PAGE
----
A: I mostly think it’s fine. My sense is that it’s safe, at least as safe as sex can be between any two people who don’t know each other well and who are going to part ways soon. It’s always a little absurd to characterize a whole group of people, but the trek guides I met were basically nice, respectful guys. They were Buddhists (as they would probably be in Bhutan). They weren’t looking to drug or rape anyone; they seemed to take their responsibility for leading a group seriously. But certainly condoms MUST be involved! Condoms, condoms, condoms, even when it’s awkward. Even when you don’t have any and so you can’t consummate despite your bodies’ deepest wishes. Condoms! Which, of course, can’t protect against messy feelings.

Zoe's book, Currency

Q: What inspired you to write your book “Currency?”
A: My backpacking trip through Southeast Asia was one of the profound experiences of my life, and I kept coming back to it in various ways in my writing. One day I sat down and started writing from the first person point of view of a Thai guy, just as an exercise. I found that he had a lot to say! I guess I had spent a lot of time thinking about what it must be like to work closely with tourists who come and go—to be, essentially, the trek guide who might have the chance to get lucky with lots of Western women, but who is always being left behind. Also, the shock of finding myself in Bangkok without money was a big one, and the “what-ifs” that experience left me with gave me lots to explore in fiction.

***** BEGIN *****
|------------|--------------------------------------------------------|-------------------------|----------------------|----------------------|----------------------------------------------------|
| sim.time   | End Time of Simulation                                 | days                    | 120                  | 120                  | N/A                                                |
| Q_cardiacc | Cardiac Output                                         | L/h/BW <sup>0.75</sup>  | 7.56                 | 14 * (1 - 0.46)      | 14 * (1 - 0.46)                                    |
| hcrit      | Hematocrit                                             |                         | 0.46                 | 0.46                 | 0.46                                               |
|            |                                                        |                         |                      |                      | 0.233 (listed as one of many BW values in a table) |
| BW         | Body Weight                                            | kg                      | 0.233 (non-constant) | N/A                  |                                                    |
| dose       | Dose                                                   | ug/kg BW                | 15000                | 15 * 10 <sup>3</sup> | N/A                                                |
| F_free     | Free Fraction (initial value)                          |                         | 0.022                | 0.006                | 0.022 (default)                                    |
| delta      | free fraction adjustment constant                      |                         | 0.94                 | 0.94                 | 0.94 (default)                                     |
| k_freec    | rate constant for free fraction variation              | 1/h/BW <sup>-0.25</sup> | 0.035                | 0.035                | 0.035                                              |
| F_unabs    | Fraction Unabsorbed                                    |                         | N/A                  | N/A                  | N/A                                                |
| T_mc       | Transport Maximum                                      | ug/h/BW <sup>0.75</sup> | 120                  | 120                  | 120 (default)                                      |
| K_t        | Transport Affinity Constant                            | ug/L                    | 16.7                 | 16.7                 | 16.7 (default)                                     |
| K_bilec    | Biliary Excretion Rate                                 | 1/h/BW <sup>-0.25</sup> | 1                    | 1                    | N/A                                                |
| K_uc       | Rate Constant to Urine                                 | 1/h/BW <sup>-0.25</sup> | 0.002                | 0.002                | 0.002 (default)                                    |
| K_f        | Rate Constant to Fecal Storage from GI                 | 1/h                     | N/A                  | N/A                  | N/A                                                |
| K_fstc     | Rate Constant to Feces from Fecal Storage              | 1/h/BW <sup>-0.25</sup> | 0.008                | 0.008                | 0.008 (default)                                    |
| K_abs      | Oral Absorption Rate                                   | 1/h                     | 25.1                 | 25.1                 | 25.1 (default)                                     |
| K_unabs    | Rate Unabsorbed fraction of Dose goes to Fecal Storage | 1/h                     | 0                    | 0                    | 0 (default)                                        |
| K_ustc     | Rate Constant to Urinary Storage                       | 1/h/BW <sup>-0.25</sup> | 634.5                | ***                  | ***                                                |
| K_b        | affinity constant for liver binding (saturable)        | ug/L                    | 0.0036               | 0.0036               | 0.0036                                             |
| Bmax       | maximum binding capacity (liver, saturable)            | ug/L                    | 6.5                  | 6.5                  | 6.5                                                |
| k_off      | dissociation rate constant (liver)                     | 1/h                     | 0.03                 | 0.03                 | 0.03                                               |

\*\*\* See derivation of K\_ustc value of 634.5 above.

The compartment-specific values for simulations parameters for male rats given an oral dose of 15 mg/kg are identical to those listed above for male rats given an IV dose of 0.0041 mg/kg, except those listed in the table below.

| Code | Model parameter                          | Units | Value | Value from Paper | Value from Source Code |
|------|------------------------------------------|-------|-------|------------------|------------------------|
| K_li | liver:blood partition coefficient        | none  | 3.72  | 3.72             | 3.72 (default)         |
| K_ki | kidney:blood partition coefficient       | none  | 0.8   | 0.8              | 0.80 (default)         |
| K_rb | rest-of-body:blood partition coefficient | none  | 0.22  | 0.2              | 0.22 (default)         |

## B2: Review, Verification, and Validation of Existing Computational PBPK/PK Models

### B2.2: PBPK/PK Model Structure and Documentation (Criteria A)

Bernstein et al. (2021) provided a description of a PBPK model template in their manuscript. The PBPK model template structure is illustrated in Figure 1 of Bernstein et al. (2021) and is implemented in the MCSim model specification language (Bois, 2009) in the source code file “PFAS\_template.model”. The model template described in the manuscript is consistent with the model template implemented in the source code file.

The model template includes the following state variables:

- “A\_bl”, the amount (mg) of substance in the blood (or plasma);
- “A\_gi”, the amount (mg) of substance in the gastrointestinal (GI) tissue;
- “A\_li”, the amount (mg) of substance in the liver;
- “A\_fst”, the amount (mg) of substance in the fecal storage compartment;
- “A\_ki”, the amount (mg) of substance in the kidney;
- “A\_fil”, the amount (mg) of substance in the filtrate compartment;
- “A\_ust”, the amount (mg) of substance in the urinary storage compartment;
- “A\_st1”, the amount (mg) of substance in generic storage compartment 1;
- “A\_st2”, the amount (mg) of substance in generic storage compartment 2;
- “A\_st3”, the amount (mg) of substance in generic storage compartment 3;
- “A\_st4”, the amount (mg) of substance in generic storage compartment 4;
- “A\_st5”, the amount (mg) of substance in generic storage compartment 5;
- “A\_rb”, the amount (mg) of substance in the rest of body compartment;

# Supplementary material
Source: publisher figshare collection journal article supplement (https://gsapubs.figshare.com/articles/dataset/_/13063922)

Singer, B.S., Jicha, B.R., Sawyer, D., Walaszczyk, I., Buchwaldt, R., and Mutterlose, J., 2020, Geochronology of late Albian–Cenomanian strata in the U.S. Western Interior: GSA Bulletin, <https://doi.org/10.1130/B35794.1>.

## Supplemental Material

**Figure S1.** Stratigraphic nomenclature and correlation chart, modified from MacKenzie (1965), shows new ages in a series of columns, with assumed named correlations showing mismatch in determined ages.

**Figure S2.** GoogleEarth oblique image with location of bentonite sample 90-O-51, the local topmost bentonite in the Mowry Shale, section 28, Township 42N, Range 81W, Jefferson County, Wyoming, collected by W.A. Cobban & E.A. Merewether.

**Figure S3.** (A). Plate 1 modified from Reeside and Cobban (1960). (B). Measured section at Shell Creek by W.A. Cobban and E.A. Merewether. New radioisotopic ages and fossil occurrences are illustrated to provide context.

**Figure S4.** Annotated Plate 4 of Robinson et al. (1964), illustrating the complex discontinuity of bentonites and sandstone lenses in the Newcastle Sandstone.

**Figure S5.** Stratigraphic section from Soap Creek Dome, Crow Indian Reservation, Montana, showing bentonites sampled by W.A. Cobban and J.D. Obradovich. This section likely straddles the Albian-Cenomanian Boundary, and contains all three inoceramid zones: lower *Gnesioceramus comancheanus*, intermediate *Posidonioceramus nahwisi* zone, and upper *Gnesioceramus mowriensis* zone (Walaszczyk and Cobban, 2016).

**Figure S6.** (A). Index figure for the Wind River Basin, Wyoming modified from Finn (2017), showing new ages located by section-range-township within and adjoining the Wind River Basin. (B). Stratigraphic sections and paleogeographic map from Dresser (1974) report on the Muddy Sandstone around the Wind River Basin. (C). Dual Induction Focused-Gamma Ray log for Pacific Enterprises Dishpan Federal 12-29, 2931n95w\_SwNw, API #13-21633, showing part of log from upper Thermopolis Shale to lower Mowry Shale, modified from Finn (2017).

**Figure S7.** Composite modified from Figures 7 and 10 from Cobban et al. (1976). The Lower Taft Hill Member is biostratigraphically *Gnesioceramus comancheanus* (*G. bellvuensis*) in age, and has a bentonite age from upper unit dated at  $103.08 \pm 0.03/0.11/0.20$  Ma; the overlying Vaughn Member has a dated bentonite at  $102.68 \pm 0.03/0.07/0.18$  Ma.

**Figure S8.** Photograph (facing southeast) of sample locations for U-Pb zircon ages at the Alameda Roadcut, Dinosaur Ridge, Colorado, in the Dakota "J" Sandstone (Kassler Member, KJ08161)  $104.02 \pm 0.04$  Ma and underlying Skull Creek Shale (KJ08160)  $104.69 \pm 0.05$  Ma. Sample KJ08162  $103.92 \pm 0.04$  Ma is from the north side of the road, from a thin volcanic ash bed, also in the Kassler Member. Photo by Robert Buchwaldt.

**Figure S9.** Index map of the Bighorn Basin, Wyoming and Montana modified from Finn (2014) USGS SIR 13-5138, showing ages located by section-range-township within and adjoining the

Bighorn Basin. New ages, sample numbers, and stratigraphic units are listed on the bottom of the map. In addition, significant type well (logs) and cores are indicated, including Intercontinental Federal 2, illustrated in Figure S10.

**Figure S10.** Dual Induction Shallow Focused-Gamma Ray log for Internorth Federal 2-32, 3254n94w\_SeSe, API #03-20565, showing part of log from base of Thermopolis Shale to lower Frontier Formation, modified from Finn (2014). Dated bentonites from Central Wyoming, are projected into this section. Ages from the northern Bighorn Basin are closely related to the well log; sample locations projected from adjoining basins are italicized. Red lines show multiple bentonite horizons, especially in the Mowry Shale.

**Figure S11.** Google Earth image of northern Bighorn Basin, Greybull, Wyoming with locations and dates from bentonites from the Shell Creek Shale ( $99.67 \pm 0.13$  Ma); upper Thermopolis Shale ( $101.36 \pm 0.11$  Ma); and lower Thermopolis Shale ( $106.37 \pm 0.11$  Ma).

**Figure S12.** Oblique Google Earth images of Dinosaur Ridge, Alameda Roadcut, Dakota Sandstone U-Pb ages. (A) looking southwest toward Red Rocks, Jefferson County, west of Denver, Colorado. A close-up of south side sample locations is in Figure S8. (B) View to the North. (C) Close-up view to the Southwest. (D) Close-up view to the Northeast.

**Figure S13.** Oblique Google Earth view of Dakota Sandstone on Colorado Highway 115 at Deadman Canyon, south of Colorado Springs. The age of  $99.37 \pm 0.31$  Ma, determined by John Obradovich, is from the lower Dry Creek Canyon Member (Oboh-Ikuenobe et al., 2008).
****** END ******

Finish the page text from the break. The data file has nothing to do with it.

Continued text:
Q: What travel goals do you have for yourself? What travel goals have you already achieved, and what do you hope to achieve in your lifetime?
A: I achieved my early travel goals of hitching across the U.S. and Europe, and my later goals of getting to Central American, mostly Guatemala. A big backpacking rip to India was on my list in my 20s, but that never happened, and now that I have kids my ideas have changed. I still hope to get there, but it’s on the back burner, and I don’t think I’d backpack; I’d probably do a yoga trip or something. Now my dream is to go with my kids and husband to Antiqua, Guatamala, or maybe Guadalajara, Mexico, and do a home-stay and study Spanish for a month or two before taking off on a trip together. I’d really like to become functional in Spanish. Also—and this will probably happen sooner—I’d like us all to go to Costa Rica together. And to the south of France and northern Italy, where we have close friends and distant family. And with all the talk about the book, my son, who is nine, really wants to see Thailand. There are no concrete plans for that to happen, but I would love to go back there at this stage in my life. It’s a place I think people can enjoy on many different levels.

A generation 'y'er from Ireland, living his dreams and convincing you to do the same. Traveling through more than 90 countries around the world and showing no signs of slowing down